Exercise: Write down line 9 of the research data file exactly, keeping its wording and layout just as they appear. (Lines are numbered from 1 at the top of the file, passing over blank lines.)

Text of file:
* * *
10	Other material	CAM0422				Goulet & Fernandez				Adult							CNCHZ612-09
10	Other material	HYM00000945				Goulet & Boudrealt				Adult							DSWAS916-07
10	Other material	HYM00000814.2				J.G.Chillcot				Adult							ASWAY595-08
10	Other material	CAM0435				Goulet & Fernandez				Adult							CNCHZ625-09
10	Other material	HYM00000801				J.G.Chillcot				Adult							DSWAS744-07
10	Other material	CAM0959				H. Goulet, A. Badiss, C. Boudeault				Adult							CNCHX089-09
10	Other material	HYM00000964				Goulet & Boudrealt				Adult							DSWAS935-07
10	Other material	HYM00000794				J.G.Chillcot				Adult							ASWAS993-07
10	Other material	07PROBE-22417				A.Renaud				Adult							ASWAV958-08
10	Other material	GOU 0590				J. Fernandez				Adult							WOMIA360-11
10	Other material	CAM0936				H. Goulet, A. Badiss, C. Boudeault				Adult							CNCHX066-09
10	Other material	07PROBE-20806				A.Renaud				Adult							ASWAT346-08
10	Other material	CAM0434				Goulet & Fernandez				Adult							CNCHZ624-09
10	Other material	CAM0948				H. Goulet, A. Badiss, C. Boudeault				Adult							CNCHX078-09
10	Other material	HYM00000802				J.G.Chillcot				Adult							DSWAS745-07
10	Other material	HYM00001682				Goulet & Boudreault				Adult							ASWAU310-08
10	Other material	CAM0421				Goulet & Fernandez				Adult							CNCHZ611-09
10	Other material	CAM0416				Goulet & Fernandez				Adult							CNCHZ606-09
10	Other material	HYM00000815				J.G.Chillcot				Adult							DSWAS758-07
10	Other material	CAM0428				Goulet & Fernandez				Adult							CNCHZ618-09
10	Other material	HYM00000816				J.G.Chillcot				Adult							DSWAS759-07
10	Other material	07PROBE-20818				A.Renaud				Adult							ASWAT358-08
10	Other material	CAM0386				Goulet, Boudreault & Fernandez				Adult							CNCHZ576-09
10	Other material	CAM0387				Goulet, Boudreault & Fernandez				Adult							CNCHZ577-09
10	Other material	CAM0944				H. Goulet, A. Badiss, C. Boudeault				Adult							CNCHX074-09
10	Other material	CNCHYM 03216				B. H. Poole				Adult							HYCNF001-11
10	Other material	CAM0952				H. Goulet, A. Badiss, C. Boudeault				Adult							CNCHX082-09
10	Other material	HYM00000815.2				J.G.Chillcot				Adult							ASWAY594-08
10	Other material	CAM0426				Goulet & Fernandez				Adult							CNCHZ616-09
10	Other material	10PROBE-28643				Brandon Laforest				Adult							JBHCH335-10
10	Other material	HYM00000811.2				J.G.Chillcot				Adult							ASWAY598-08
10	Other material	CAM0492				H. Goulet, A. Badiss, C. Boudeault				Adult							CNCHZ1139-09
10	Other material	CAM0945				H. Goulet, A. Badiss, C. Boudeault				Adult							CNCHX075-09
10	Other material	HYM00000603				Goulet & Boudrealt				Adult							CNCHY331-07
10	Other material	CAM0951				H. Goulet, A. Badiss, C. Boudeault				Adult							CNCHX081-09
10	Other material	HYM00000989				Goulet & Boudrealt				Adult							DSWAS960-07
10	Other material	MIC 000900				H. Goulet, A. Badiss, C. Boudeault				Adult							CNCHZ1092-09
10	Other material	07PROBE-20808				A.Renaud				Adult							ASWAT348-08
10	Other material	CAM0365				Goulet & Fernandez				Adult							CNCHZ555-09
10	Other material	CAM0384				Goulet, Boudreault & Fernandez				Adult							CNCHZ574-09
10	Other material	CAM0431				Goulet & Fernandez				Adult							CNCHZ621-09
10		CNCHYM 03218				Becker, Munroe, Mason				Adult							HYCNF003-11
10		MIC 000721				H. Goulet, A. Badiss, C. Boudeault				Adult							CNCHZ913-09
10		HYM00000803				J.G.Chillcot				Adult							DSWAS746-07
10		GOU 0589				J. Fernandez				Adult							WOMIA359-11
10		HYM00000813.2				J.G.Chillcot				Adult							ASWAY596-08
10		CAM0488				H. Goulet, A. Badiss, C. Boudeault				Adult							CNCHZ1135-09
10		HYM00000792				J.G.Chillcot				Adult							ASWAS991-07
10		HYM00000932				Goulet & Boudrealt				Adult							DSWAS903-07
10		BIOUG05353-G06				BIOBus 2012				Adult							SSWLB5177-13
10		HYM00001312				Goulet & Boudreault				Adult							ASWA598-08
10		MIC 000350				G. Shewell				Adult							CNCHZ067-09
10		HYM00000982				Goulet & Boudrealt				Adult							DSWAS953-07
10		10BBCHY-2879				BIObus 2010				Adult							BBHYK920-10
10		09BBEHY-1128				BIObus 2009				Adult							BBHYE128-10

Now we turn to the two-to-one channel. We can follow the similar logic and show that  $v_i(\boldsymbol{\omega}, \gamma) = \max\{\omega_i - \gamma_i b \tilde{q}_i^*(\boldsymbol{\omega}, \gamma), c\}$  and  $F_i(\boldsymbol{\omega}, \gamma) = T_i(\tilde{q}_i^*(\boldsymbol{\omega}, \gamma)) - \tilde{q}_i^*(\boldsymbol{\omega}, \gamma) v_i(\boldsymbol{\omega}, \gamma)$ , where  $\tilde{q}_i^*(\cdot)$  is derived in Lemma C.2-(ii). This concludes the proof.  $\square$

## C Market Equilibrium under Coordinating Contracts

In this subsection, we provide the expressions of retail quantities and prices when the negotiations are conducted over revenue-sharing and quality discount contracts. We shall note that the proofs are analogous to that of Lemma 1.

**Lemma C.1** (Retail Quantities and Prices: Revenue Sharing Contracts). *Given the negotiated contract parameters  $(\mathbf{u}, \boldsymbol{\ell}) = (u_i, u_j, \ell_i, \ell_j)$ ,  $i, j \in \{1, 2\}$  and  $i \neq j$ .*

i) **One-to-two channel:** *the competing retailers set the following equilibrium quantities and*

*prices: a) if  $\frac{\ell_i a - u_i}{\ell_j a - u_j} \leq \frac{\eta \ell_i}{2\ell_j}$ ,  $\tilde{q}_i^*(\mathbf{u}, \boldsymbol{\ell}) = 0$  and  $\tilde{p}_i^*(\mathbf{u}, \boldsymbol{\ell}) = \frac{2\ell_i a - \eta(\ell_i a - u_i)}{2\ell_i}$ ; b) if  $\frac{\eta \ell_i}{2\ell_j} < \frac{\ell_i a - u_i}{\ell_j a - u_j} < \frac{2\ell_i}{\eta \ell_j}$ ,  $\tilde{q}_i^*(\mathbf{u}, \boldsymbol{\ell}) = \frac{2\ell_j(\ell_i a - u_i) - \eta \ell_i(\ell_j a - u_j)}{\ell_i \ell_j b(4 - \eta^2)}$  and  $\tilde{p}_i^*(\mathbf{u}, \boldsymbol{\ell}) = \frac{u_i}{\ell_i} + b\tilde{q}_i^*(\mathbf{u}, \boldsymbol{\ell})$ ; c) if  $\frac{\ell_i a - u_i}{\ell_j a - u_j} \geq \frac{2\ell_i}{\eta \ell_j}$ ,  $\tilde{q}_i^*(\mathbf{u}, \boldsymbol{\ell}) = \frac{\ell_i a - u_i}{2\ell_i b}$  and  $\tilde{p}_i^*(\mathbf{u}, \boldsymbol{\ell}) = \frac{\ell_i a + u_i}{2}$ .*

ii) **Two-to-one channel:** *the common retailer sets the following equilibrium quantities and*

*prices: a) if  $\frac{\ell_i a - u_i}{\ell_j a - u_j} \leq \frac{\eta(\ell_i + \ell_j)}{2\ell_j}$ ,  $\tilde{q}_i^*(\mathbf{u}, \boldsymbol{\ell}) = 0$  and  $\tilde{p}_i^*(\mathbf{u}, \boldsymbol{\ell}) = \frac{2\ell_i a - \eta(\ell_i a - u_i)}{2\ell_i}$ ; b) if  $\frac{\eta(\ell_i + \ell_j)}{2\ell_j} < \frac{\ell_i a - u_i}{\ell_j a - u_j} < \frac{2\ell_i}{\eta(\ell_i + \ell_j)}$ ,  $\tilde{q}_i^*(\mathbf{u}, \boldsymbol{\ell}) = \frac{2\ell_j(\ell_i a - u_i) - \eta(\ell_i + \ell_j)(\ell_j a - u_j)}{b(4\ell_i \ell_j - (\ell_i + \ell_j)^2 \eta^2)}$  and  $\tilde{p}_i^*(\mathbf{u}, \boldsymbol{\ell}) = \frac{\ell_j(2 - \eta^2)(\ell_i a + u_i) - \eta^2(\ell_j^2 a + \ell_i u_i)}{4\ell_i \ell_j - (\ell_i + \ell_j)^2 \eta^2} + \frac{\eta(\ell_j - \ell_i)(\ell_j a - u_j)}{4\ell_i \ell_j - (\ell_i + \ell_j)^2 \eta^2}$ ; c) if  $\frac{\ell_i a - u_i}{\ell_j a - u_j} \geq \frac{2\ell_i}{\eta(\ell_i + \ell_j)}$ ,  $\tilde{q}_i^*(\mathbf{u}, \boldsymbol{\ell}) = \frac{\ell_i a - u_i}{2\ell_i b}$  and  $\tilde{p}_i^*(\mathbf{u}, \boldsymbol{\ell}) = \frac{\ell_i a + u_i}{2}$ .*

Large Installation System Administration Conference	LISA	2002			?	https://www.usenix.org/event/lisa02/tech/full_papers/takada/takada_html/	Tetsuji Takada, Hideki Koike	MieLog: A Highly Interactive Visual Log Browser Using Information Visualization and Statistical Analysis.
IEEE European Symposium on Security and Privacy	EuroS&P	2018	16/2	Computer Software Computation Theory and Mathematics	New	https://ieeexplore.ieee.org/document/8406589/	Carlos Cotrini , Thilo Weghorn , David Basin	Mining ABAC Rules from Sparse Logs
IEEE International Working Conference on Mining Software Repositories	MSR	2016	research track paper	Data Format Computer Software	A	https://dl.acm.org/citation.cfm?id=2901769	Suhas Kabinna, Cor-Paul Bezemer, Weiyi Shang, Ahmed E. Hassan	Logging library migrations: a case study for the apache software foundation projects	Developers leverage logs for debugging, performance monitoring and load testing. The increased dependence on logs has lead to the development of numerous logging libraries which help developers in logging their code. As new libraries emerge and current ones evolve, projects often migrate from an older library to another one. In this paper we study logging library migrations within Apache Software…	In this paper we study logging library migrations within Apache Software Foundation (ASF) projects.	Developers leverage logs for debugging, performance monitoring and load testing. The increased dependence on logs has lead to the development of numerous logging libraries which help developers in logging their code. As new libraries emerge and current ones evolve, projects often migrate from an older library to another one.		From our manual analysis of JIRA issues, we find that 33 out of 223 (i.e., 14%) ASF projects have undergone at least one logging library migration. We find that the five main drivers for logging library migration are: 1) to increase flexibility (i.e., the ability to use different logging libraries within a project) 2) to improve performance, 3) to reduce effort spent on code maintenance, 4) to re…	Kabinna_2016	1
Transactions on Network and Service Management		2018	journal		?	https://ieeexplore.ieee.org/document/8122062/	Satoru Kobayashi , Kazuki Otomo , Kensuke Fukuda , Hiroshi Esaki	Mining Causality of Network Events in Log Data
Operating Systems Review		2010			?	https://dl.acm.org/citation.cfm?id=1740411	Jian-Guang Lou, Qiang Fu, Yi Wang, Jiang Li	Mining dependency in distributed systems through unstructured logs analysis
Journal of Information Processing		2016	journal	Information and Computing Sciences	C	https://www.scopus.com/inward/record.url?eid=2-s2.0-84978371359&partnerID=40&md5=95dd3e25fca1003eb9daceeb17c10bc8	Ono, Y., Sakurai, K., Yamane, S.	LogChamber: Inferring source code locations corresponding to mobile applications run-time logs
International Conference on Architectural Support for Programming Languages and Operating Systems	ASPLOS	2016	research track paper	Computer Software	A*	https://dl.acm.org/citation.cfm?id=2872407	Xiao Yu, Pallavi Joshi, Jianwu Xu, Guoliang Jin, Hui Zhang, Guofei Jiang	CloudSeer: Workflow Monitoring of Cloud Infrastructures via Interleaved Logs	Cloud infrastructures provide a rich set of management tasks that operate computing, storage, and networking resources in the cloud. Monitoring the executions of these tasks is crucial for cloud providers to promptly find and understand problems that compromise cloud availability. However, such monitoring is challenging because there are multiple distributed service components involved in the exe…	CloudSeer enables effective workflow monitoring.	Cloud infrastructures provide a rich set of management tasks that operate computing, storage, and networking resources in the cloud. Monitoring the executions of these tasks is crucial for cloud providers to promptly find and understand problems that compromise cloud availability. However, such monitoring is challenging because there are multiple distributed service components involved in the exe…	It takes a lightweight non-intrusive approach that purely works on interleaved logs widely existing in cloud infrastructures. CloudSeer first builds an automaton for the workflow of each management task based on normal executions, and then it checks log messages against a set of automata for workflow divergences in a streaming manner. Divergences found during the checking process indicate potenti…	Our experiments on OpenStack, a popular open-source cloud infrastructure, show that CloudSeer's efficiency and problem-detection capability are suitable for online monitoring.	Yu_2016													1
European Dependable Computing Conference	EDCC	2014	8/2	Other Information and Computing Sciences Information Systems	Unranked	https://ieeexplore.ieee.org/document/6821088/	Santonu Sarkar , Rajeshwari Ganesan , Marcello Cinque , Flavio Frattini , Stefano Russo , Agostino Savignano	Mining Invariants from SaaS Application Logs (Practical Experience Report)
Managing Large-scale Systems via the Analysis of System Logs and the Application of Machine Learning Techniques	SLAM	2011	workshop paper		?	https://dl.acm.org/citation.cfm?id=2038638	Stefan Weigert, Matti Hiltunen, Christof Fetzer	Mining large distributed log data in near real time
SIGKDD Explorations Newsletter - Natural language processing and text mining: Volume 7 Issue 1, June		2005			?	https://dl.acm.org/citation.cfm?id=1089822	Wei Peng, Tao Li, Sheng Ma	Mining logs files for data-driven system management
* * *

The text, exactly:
10	Other material	07PROBE-22417				A.Renaud				Adult							ASWAV958-08